The House of Campbell
Rebuilding My Family’s History and the Significance of Black Death, Wealth, and Discovery
Perhaps we aren’t our ancestors’ wildest dreams? This question recurred to me throughout summer 2020. I didn’t watch the video of George Floyd’s murder. I didn’t need to see it to understand that he died in vain at the hands of a system that time and again fails to serve and protect its non-white citizens. I avoided seeing the video, but social media and poorly chosen thumbnail images would force me to see it in pictures instead; despite the world’s seemingly universal condemnation of this murder, no arrests had been made. For me, officer Derrick Chauvin became a symbol of every racist and hateful act I’ve experienced in my Black life. Whenever I see the image of him kneeling on Mr. Floyd’s neck with his hands in his pockets, staring directly into Darnella Frazier’s camera lens— I feel as though he stares through me. He’s telling me that people who look like me do not belong in this world. The almost obsessive way the video blazed around the world, while other Black people continued to suffer at the hands of police, felt devastating. Where was the consideration for Black people who have suffered generational trauma at the hands of people like Chauvin? Where was the sensitivity for Mr. Floyd’s family or other Black families who suffered the same tragic injustice?
The more stories I saw of Black families grieving their loved ones unjustly killed by the police, the more I thought of my great-grandfather, James Cubert Campbell. He also lived through a pandemic and was famously unknown as the first Black undertaker and first Black city councilman in Charleston, West Virginia. At the time, those little-known facts and pieces of family history were all I knew about my late ancestor. His work as an undertaker in a segregated market made him one of the richest Black men in Charleston. Until summer 2020, I’d never considered the significance of my great-grandfather, known as Campbell, and his role in the community or the care he provided for grieving Black families. As I thought about the deaths of George Floyd, Breonna Taylor, and countless others, the dignity they were denied in their deaths overwhelmed me.
Inspired by the few details I knew about my great-grandfather, someone who provided dignity to Black folks in times of tragedy, I dug into my family history. I started with his obituary, which my mother’s cousin, Nicky, keeps framed in his study. Though he didn’t grow up knowing my great-grandfather, Nicky often shares the few stories passed down to him with immense pride. The obituary mentions my great-grandfather worked as a newspaper columnist before he went to mortuary school. Therefore, I began reaching out to archivists at the various libraries in Charleston, West Virginia, to see if I could get copies of his work. Despite an ongoing pandemic, the archivists quickly responded with an overwhelming amount of articles, not only ones written by my great-grandfather but others mentioning him and his accomplishments from 1902 through 1956, the year he died. Reading my great-grandfather’s words in print felt like oxygen. I could not live the rest of my life without reading every word I could find. Through conversations with my family members (some of whom I’d never even met), historians, archivists, and librarians, and several months of research, I exhumed a vital history about my family and Charleston, overlooked not only by history.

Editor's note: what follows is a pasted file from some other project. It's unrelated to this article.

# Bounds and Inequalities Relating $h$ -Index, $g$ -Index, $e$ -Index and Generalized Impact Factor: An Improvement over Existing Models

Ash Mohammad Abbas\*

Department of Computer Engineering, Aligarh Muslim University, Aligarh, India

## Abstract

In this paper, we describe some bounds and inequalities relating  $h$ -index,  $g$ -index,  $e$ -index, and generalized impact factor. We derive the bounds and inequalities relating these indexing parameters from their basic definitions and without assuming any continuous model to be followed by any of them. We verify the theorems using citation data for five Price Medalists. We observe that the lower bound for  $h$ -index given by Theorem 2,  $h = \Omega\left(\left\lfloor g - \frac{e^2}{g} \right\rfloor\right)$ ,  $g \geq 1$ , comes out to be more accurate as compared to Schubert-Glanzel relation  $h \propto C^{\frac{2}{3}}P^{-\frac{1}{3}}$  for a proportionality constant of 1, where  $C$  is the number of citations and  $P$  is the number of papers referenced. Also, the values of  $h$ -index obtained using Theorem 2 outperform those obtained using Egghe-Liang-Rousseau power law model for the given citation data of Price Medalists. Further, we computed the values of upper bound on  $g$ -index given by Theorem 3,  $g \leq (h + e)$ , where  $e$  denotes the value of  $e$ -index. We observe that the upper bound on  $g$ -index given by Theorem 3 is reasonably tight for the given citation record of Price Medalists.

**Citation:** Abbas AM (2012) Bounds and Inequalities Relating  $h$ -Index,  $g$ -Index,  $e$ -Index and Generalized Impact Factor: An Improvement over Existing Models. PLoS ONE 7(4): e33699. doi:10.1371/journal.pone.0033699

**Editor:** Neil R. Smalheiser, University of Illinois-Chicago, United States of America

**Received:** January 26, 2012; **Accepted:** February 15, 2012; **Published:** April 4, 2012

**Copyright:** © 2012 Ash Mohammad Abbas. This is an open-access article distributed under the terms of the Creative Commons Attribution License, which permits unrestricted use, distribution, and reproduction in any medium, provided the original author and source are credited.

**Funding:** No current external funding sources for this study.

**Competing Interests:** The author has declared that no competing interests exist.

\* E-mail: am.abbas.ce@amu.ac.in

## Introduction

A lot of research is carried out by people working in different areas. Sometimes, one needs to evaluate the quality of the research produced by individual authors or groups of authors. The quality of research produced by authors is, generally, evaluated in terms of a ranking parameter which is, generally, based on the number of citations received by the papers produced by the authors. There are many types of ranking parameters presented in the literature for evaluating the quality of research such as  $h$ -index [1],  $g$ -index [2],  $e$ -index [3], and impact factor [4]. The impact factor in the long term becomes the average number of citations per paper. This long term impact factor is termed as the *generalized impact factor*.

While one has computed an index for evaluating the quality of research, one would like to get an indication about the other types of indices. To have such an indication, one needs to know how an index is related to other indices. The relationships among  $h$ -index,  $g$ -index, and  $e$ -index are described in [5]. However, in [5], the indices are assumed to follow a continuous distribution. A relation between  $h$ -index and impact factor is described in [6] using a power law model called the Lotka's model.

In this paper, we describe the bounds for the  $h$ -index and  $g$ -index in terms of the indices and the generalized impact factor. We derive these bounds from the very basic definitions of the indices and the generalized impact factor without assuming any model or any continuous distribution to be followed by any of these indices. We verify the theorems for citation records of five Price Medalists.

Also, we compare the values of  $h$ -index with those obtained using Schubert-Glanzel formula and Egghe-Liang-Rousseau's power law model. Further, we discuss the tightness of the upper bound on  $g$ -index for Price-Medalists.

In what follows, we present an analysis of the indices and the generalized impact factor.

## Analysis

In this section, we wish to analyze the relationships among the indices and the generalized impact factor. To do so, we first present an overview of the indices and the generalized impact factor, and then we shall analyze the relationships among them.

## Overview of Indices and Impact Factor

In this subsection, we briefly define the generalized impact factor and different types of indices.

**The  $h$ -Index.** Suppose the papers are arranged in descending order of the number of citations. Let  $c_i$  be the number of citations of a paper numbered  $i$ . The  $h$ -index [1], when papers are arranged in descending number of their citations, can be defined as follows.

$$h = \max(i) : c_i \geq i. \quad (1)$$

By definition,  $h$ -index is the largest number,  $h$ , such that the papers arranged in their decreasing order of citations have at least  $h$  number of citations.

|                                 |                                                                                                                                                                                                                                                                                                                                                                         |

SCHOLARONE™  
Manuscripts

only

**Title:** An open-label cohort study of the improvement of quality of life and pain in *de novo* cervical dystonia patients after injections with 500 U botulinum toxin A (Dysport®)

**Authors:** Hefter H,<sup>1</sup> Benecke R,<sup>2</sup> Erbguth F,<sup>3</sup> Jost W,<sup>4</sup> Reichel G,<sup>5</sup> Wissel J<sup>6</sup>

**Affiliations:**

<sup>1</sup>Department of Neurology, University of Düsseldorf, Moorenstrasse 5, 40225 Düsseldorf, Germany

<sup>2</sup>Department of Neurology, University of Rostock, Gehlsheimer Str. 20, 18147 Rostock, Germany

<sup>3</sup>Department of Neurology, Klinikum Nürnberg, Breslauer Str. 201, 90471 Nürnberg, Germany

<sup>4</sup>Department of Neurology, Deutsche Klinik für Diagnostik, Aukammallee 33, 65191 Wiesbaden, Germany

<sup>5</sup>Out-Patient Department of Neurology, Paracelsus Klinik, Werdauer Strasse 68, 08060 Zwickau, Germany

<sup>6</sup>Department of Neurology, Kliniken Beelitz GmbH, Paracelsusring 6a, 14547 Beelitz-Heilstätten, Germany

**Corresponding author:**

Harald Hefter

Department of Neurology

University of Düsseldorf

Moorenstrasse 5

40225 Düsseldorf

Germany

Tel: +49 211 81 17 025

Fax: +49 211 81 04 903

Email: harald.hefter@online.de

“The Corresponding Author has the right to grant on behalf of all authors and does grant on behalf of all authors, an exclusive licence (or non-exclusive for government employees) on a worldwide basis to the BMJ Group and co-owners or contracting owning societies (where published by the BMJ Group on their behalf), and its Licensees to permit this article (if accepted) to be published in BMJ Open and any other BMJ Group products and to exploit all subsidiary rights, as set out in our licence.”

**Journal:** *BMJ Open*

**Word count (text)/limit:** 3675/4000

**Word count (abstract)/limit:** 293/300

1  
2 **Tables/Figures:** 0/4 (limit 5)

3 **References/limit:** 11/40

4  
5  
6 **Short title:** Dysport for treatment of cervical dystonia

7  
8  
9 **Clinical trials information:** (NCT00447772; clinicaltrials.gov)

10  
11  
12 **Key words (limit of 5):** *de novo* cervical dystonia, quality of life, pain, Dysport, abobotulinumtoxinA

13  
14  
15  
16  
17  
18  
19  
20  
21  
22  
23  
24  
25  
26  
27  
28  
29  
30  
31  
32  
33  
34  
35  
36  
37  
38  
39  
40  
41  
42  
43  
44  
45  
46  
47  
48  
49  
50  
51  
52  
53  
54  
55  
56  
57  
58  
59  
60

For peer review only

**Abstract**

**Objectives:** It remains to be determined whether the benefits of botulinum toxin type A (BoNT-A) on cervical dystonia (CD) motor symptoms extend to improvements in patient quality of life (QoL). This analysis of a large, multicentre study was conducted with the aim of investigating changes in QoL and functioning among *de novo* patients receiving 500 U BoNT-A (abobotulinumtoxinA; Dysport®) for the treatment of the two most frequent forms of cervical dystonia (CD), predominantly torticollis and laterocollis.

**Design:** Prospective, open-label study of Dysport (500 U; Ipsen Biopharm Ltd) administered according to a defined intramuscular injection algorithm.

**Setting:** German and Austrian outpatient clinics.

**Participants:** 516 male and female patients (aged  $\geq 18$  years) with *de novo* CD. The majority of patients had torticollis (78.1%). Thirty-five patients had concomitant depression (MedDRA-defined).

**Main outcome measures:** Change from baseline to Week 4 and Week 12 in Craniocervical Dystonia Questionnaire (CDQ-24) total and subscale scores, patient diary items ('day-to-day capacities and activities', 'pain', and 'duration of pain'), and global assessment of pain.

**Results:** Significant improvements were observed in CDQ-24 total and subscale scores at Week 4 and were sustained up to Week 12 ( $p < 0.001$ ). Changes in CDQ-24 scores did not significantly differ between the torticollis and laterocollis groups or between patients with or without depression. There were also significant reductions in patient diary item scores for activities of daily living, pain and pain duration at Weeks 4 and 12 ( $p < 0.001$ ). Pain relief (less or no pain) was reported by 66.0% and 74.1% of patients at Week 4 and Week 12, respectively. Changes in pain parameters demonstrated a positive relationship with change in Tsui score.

My great-grandfather was the first free man born in his family. His father, General James Alexander Campbell, was a slave from Virginia who fought in the Civil War when he was about 20-years-old. General Campbell achieved the rank of a brigadier general — a rare position for a Black man. After the war, General Campbell settled in the newly established state of West Virginia, where he worked as a barber. During Reconstruction, Black barbers cut both white and Black men’s hair. Establishing himself as a business owner, General Campbell flourished as a wealthy and respected entrepreneur.
Campbell was born around 1876, just as Jim Crow laws came into effect to stifle the developments by people like his father. Under Jim Crow, Black people lived with the constant threat and reality of disenfranchisement and violence. Despite these obstacles, my great-grandfather worked his way through school and graduated from Howard University Law School in 1904. He understood the importance of being an educated Black man and uplifting as many Black people as possible. However, he encountered another obstacle — most Black folks could not afford lawyers, and most white folks would not hire a Black lawyer. So, he began writing as a newspaper columnist in Washington, D.C., covering politics to supplement his income. He was a fervent supporter of the “Party of Lincoln,” the Republican party. He encouraged Blacks to vote straight Republican tickets as a way to combat disenfranchisement and Jim Crow laws. He often traveled back to West Virginia to campaign for various Republican candidates. On November 22, 1902, The Colored American wrote:
“Mr. James Cubert Campbell…made one of the best speeches of the West Virginia campaign at the final rally at the Court House (sic) in Charleston. It was a complete and logical presentation of the issues from a republican standpoint, (sic) and contributed largely to the success of Congressman (sic) Joseph H. Gaines, who received a heavy vote at the hands of the colored people of the Charleston district.”